What’s another window and another cigarette and another man.

Adam shares a nicotine-free cigarette with Claire at the window, calling it an “illusion,” not unlike their relationship. You don’t have to be a genius to see the parallels to her sharing of real cigarettes with Frank at the plotting window.

Back At The Plotting Window

Claire shows up at home after ditching Adam, again subtext hanging in the air like the smoke from Frank’s cigarette.

Claire: “Adam is staying at the Mandarin.”

Frank: “And you?”

Claire: “Here.”

Claire heads back home to find her man at their window.

Claire heads back home to find her man at their window.

With that brilliantly written little exchange we all understand that she didn’t go through with it.

Frank continues: “I appreciate this was not easy.”

Claire: “We don’t like easy, do we?”

Frank: “All evidence would suggest it.”

Frank not only managed to avoid the Remy dependency but his wife didn’t sleep with Adam after all. Claire’s going to have to do this the old fashion way: Fundraise. And Frank is going to help her by rounding up his Washington pals. He owes her one.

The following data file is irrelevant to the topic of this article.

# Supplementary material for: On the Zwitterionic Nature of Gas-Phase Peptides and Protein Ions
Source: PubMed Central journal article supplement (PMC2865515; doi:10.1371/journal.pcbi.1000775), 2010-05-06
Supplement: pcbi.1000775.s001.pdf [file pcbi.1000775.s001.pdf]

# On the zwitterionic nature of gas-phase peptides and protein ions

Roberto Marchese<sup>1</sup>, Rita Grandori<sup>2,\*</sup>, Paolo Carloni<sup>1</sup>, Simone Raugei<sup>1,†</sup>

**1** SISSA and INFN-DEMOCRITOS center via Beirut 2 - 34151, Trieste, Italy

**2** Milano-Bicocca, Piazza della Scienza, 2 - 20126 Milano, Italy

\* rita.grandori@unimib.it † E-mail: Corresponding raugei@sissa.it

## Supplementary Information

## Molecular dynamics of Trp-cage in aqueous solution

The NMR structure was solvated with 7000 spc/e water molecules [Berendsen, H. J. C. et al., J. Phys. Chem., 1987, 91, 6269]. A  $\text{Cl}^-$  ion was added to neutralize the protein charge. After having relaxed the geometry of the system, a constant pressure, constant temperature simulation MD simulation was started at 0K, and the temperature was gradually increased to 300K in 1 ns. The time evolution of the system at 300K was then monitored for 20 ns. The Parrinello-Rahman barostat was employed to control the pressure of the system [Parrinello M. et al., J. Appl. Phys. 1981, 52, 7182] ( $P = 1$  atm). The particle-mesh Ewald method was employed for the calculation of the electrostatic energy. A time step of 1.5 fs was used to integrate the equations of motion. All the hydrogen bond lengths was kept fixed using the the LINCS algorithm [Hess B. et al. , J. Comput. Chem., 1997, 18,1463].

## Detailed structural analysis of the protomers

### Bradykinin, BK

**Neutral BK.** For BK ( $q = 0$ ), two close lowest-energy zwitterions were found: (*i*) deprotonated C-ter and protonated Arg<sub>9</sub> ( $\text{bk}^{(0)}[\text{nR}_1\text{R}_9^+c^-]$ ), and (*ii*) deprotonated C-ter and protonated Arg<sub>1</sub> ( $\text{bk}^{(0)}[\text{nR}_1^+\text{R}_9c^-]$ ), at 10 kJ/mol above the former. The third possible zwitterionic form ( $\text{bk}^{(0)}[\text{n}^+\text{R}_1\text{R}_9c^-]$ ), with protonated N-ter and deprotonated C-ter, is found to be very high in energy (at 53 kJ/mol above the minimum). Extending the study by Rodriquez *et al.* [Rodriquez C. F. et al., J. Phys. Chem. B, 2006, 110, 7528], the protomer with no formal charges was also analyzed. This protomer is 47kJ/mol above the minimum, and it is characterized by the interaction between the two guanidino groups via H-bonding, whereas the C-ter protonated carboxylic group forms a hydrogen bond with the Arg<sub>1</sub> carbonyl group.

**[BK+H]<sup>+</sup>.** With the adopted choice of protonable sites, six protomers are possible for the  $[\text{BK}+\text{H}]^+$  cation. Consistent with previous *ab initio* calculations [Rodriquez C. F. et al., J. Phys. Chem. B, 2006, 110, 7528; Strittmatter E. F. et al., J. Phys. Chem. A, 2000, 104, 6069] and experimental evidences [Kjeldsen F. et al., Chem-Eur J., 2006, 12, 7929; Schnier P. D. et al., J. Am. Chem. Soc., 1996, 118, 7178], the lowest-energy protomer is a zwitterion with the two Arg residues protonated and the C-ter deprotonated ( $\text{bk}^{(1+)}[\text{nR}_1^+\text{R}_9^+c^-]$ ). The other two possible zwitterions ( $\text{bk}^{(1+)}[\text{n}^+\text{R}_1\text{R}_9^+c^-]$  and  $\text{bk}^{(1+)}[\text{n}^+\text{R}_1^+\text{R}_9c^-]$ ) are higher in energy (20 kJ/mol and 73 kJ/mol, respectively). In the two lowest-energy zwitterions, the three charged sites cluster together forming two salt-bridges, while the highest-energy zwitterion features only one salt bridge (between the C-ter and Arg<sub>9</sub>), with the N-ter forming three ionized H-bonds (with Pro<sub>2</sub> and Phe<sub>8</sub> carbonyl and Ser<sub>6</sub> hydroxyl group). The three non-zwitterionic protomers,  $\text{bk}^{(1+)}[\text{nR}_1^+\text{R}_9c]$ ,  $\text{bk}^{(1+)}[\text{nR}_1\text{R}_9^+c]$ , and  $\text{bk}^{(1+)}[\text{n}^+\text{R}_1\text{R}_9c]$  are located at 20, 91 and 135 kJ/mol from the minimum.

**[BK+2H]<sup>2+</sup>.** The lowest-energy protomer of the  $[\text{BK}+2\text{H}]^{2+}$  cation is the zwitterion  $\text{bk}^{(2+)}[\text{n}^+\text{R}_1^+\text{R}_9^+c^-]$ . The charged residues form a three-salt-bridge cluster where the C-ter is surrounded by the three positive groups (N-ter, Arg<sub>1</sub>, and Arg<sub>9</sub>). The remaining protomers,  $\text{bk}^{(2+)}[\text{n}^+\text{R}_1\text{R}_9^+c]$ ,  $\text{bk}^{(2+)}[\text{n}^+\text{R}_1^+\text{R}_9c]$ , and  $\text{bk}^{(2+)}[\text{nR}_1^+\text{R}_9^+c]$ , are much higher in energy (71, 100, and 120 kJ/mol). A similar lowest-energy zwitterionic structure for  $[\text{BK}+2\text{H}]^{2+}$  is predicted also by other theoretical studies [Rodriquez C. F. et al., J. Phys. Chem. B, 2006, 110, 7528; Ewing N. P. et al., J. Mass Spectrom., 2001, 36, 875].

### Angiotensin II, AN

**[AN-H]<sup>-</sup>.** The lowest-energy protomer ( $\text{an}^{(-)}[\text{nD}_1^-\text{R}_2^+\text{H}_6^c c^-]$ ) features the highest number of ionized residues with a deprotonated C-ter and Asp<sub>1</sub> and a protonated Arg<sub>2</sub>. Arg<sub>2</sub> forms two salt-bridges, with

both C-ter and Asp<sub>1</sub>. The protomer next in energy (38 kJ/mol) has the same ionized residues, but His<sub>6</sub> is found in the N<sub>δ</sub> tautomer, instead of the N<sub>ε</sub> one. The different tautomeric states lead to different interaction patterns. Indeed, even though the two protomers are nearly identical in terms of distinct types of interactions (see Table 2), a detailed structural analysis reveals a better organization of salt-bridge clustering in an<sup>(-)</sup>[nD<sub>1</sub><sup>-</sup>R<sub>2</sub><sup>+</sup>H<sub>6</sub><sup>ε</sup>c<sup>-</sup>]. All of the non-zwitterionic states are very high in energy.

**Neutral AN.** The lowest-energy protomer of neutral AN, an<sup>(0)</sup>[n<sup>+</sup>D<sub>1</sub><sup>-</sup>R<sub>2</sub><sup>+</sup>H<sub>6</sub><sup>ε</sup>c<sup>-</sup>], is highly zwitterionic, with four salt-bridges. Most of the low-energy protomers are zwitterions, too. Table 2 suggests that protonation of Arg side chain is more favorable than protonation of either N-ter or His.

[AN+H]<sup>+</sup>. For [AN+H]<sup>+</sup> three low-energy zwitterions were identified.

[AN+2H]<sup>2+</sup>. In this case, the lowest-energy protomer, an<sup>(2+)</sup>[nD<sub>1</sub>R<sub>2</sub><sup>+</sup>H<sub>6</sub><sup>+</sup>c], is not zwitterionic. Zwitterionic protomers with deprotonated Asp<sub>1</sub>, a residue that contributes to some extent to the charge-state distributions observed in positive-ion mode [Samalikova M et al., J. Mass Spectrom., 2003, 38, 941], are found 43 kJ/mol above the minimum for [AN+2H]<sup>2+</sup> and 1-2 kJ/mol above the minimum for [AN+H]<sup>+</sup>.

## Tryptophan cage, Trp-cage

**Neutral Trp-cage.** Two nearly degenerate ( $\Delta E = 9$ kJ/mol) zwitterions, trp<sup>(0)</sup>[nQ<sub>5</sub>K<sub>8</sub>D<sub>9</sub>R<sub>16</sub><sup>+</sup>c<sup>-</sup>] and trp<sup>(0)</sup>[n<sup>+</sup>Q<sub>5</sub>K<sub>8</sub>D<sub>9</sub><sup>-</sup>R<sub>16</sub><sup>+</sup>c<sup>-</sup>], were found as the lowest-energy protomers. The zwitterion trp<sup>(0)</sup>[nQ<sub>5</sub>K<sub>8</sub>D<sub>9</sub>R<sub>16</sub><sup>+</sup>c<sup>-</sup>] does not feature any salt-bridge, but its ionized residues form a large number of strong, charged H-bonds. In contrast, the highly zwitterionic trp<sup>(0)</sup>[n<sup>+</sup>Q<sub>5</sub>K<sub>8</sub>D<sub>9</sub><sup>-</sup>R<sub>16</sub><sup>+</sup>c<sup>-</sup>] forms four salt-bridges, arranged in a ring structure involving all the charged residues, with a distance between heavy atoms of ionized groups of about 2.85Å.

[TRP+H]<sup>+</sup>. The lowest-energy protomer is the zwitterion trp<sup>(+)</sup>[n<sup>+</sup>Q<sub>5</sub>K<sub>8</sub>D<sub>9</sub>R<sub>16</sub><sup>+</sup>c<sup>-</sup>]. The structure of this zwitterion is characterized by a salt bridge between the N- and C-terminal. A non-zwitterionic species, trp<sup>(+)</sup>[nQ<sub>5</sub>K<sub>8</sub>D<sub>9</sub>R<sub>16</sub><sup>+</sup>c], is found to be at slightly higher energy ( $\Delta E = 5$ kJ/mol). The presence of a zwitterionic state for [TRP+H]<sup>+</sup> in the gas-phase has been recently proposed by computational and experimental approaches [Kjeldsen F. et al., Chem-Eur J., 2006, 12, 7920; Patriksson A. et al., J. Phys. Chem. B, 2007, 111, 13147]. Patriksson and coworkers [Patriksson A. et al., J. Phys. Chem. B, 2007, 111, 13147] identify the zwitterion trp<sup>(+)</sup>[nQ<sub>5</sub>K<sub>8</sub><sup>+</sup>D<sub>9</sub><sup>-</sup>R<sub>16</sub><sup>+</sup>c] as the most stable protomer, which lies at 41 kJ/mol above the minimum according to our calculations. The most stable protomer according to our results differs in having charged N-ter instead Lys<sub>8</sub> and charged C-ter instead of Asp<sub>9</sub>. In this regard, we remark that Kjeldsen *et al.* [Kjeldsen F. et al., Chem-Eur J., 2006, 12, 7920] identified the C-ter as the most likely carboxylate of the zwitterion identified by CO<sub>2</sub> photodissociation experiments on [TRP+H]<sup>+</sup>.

So long, assholes.

So long, assholes.

Zoe’s New Dress

After her blow-up with Tom, Zoe leaves the Herald. She goes for a couple of stiff ones at the bar, where she’s contemplating next steps. Determined she gets up to leave, but not before a cool little beat with her drink, which she gulps down confidently. Remember when Frank offered her a drink in their first meeting and she coughed up a storm after a sip? That was a test of strength then and now with a defiant gulp we can see that Zoe is stronger than ever.

Zoe pulls the trigger and invites Frank back to her apartment. She makes herself available.